We love to rent the same little house every time we go to Burgundy. The owners Laura Bradbury, is an author and recently published a cookbook! It’s full of French family recipes like these gougeres, which are some of the best we’ve ever had! Laura’s husband, Franck (who is from Burgundy) told us that he would make these with their children and his grandmother, who still stirred the pate a choux by hand — not an easy task. He said that you can start with the basic recipe and then you can play with it from there. There’s lots of variations on classic gougeres, like adding sesame seeds, different cheeses, etc. We love the classic made simply with grated gruyère.
Let’s just get something straight. My husband makes the best gougères I have ever tasted. Before him, his grandmother Mémé made the best gougères I had ever tasted, and she was the one who taught Franck. Mémé was the Queen of Gougères in the family, and Franck is now the King of Gougères.
Gougères are typically Burgundian and are often served with kir as part of the apéritif. The two are a truly sublime combination. At our wedding we had what is called a vin d’honneur between the church ceremony and reception, where everyone joined in countless toasts with a garnet glass of kir in one hand and a warm, airy gougère in the other.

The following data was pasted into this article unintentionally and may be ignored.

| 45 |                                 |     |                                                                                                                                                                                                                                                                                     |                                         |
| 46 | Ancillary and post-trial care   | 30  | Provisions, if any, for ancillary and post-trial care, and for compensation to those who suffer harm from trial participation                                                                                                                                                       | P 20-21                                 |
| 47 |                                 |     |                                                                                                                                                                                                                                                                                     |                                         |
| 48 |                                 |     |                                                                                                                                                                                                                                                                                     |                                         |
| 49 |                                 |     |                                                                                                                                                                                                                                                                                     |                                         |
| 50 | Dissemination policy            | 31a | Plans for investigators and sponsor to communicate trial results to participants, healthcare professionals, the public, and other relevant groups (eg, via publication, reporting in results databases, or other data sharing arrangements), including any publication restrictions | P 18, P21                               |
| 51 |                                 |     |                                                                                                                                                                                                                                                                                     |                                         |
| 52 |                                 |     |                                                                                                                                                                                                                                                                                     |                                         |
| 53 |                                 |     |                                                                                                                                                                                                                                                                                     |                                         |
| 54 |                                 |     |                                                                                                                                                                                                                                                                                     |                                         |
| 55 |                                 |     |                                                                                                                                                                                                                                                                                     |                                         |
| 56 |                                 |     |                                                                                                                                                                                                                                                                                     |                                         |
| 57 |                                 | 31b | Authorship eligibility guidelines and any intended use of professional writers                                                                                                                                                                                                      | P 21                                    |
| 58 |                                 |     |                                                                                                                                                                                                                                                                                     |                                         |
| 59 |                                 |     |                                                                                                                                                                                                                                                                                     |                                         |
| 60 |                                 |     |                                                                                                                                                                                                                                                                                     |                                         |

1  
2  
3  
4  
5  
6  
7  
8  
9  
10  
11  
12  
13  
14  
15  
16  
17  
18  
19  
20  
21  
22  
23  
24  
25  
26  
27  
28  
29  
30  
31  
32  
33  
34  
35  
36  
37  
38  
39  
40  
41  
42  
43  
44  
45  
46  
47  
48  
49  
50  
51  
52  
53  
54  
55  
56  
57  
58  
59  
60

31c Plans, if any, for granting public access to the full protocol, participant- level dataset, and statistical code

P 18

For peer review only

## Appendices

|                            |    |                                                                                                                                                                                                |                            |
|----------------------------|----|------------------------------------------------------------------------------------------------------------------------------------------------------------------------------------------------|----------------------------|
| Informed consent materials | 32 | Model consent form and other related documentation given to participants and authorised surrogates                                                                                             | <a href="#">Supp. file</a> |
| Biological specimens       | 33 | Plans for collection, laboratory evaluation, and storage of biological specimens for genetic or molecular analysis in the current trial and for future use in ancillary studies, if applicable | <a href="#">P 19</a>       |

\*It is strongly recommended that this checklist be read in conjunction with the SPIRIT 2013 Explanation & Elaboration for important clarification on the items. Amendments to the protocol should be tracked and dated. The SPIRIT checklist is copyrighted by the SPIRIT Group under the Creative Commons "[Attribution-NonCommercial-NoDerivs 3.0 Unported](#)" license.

Even if I’m furious with Franck (we’re both fiery personalities, so it happens), I can’t help but fall in love with him all over again when I smell the buttery scent of gougères wafting from our oven.
At family events, Franck is always assigned gougères—who doesn’t like a pillowy, cheese-spiked puff? They are not complicated, and they do not use any unusual ingredients, but they do take a certain coup de main to know when they are ready to bake. This is a great recipe to experiment with, and when you pull that perfectly puffed gougère out of the oven, it will all be worth it. Promise.
Franck's Cheese Gougeres
- 6 Tbsp butter
- ¾ tsp sea salt
- ¼ tsp freshly grated nutmeg
- 1¼ cups all-purpose Flour
- 4 large eggs
- 1½ cups grated Gruyère or Emmenthal cheese
- Sesame seeds, optional
- Heat the oven to 400°F. Line two large rimmed sheet pans with parchment paper and set aside.
- In a medium pot over high heat, bring 1 cup of water, the butter, salt, and nutmeg to a boil.
- Remove from the heat and pour in the flour. Stir vigorously with a wooden spoon until well incorporated. Return the pot to medium-low heat and stir constantly until the mixture forms an elastic-like ball, about 2 minutes.
- Place the ball of dough in a large bowl. Add the eggs, one at a time, stirring to incorporate well after each addition. Using your hands, work the grated cheese into the dough.
- Using either a spoon or a pastry bag fitted with a large round tip, dollop a tablespoon of dough onto the prepared sheet pan, leaving 1 inch between each dollop. Sprinkle with sesame seeds (if using).
- Cook until golden brown and a gougère sounds hollow when tapped on its top, 16–18 minutes. Watch them carefully and do not overcook.
- Cool on the pan for 10 minutes before serving.
Get more recipes from Burgundy in The Taste Edit Issue 2. Get your copy here.